STAFF REVIEW of We should talk. (Xbox One)


Saturday, August 22, 2020.
by Chad Goodmurphy

We should talk. Box art Please be warned that there will be slight spoilers in this review. It’s hard not to talk about certain things.

Prior to taking We Should Talk’s review on, I must admit that I hadn’t really heard about the game. In fact, I researched it beforehand and decided that it sounded short and interesting. After all, I enjoy giving indie games a chance, and have liked a lot of games that many others haven’t bothered with, or dismissed for a bevy of reasons. Games like Cars 2 and Toy Story 3, for instance.

We Should Talk is exactly what its title suggests. It’s a dialogue-based experience, where you have conversations with your significant other and a few other people who happen to spark up a conversation. Thus, all you do is pick dialogue options, and those choices affect which of the nine or so endings you’ll unlock. This is interesting in principle, but the ‘campaign’ is so brief (15-20 minutes) and has such limited dialogue choices that it gets tedious quickly.

You play as an unnamed woman who just so happens to spend at least three nights a week at a swanky, New York City bar. She’s there so often, in fact, that she knows that bartender’s name and story. Her being away from home also worries her girlfriend, who has self-esteem issues and also deals with a difficult job. On top of that, Sam (the girlfriend) has lived a cruddy life, starting with parents who basically ignored her and didn’t accept that she was gay.


After you place an order, by telling the owner what you’d like (from a myriad of options) and deciding whether to flirt with her or not, you’ll get a text from Sam. She loves her short burst texts, too, so expect to wait as one comes in after another. These texts will mostly be about your relationship, but she’ll want to talk about her job and her past. You can choose to be nice or a bit distant, but only certain times allow you to be rude.

Therein lies the basis of this game: Talking to Sam and deciding whether you want to listen to and placate her, or whether you’d prefer moving out and ending your relationship. Through this premise, the player is given the option to flirt with two or three other people, but it almost seems to do nothing except unlock an achievement or trophy.

That’s actually the biggest problem with We Should Talk. It’s simply too forced and doesn’t give you enough options despite its premise. Some of the response choices are so similar that it’s hard to pick which one to respond with. There were also numerous times where I wanted to be rude, or change things up but couldn’t. The game basically pigeonholed me into certain choices.


Although I played through this thing from start to finish a total of four times, I only unlocked the two most common endings. This was not done without effort, or care. Even though I tried to cheat on Sam, I still got the same ending as once before. I tried to change up my responses, but the options were so limited so often that it was difficult to.

In the end, I resorted to looking at a text-based guide online. This confirmed my suspicions that it’s all about the minutia, and too much so. If you don’t pick the right part of certain response sentences you’ll miss out on certain endings. This is true even though said response is so similar to most if not all of the others.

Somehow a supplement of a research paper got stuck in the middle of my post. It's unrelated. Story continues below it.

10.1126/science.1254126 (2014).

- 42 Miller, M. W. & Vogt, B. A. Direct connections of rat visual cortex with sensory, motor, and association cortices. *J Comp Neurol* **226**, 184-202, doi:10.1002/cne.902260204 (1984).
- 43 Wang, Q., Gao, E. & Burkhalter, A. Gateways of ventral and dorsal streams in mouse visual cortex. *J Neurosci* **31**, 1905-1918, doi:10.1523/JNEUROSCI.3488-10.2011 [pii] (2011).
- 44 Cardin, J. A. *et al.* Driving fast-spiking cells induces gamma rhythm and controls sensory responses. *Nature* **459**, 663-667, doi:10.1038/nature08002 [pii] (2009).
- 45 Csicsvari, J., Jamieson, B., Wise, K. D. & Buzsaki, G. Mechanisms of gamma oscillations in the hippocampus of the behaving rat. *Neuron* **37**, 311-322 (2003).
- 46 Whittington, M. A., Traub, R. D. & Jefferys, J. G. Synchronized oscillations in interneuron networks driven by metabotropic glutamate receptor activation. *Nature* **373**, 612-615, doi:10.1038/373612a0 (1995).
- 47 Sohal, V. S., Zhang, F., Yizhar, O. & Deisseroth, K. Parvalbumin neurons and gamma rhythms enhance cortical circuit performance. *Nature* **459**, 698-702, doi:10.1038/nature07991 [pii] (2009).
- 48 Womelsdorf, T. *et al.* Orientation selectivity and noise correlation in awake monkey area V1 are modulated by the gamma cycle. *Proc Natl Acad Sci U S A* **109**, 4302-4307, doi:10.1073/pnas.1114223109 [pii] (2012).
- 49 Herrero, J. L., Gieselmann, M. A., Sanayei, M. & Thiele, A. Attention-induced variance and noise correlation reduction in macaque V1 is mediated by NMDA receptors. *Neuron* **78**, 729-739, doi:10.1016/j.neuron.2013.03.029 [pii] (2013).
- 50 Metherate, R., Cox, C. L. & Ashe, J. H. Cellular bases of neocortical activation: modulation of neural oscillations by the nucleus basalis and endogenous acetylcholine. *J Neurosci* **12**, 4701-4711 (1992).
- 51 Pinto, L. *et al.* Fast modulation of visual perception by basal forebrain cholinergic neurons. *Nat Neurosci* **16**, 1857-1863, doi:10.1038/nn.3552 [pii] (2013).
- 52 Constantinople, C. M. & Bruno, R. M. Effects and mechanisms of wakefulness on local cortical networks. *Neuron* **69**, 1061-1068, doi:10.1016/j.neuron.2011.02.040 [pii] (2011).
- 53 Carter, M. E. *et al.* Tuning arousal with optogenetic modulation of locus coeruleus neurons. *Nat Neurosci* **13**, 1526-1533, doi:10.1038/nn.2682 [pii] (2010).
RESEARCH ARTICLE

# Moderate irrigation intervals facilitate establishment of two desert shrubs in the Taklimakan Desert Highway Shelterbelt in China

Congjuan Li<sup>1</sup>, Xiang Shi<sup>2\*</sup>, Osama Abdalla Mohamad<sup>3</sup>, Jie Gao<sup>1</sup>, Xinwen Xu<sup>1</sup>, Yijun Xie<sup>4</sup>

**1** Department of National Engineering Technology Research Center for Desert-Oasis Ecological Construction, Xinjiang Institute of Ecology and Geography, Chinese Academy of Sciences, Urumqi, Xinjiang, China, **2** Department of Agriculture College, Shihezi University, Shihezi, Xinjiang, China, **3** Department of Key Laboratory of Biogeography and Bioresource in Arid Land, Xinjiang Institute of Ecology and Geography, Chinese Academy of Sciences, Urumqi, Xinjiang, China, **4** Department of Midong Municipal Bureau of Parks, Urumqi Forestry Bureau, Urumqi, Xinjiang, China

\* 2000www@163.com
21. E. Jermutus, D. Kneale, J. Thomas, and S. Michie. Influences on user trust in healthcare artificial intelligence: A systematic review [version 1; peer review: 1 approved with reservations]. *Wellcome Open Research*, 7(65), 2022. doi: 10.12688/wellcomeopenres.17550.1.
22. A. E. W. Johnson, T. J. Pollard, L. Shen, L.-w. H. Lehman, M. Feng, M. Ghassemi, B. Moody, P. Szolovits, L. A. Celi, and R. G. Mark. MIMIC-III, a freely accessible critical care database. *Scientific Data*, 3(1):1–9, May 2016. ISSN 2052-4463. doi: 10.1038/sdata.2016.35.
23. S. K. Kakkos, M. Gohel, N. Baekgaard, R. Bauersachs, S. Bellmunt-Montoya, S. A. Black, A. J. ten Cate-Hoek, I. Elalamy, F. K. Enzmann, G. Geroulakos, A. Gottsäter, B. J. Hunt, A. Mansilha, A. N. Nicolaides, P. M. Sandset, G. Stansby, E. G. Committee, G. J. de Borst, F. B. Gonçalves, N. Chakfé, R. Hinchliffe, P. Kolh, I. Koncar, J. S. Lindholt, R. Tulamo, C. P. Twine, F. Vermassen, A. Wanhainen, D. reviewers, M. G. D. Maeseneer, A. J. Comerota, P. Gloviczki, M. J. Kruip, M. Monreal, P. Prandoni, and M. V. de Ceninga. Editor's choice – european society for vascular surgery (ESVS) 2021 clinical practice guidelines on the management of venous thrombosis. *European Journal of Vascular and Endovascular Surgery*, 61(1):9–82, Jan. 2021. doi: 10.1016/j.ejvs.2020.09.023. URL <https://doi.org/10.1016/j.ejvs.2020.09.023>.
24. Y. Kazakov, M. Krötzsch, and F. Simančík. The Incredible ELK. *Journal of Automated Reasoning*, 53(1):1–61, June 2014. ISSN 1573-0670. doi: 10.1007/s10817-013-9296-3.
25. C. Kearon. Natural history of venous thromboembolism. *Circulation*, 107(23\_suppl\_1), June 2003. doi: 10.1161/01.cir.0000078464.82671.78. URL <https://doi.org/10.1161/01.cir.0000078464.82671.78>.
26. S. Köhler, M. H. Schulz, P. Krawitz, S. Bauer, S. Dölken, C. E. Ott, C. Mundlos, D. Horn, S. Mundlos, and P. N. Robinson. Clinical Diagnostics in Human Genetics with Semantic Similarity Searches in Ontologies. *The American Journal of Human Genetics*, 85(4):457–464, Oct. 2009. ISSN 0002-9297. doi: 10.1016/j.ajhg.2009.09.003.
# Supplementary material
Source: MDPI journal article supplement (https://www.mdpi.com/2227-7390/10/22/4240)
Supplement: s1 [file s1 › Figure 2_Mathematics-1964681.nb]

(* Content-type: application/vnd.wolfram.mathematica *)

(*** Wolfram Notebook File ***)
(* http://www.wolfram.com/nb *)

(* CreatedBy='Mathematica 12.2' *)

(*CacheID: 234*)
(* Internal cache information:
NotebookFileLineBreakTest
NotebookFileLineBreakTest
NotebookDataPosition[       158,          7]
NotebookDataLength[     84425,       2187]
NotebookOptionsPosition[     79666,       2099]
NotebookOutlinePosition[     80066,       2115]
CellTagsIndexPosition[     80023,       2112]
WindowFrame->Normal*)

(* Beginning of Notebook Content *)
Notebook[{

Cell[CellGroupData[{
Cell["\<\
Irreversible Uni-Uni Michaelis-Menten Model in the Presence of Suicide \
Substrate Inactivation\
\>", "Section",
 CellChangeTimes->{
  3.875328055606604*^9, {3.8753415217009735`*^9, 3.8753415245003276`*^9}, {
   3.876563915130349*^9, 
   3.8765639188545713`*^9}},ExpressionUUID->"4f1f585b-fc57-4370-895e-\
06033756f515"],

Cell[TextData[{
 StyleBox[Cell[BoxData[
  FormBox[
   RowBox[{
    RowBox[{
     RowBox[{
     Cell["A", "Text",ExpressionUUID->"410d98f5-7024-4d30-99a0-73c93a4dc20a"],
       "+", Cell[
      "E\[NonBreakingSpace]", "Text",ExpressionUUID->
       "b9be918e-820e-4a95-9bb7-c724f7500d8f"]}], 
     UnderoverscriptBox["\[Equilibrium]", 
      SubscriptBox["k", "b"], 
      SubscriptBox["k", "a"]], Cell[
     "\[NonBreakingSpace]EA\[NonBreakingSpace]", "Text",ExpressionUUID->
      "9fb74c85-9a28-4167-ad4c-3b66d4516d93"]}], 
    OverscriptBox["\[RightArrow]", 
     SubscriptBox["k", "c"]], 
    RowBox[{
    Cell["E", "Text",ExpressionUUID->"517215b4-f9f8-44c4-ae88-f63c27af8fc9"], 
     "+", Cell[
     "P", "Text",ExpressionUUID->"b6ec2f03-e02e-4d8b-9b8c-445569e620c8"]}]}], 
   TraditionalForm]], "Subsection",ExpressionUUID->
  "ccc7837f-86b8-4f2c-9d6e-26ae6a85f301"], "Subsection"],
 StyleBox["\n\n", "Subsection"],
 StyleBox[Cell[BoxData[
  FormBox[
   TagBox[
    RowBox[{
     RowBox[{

To get all of the endings, I would’ve had to spend hours choosing different parts of up to three-tiered sentences. If I’d use the guide, which I didn’t feel like doing because I was already bored, I would’ve had to go word by word and I just wasn’t up to that. You would think that making major changes would have some affect, but it didn’t in my experience. Hell, I didn’t unlock certain achievements because of the wrong start to sentences, even though it was so similar to the other options. Not that I care.

The premise is interesting, and will appeal to a certain sect of gamers, but there’s so little here that it’s hard to recommend this title to anyone. I respect that it was made by a small team during an indie game expo of some sort, but it’s simply not fun. At its $7 price tag, there’s just not enough here to justify the cost. That is, unless you want to use the guide and follow it letter by letter for nine playthroughs, in order to unlock all one thousand achievement points.


I was hoping that the story of Sam and her unnamed girlfriend would hook me and be memorable, but it simply wasn’t. Sam was annoying and the playable character had very little personality. The writing simply didn’t stand out at all, and it needed to.

We Should Talk’s presentation is also unspectacular, but I kind of expected that. It’s fine for what it is, and the character models’ retro look serves this short, indie game fine. Just don’t expect a looker or anything live action. The music is also 'okay'. There are a few tunes that play on the bar’s speaker as you respond to Sam’s many texts and talk to others, but I didn’t recognize any of them. I also didn’t find any of them to be bad or problematic. The same is true of the limited sound effects.

At the end of the day, We Should Talk is a conversation that you probably won’t enjoy a whole lot, or want to have. Not at its price, at least. If this game was a dollar, it would be easier to recommend, but there’s just not much to it and repeat playthroughs get so very, very tedious because there’s almost no variety. I wanted to like this one, I really did.


Suggestions:
This review is based on the Xbox One version of the game, which we were provided with. It was reviewed using an Xbox One X review unit that we were provided with.


Overall: 3.6 / 10
Gameplay: 3.0 / 10
Visuals: 4.5 / 10
Sound: 5.0 / 10

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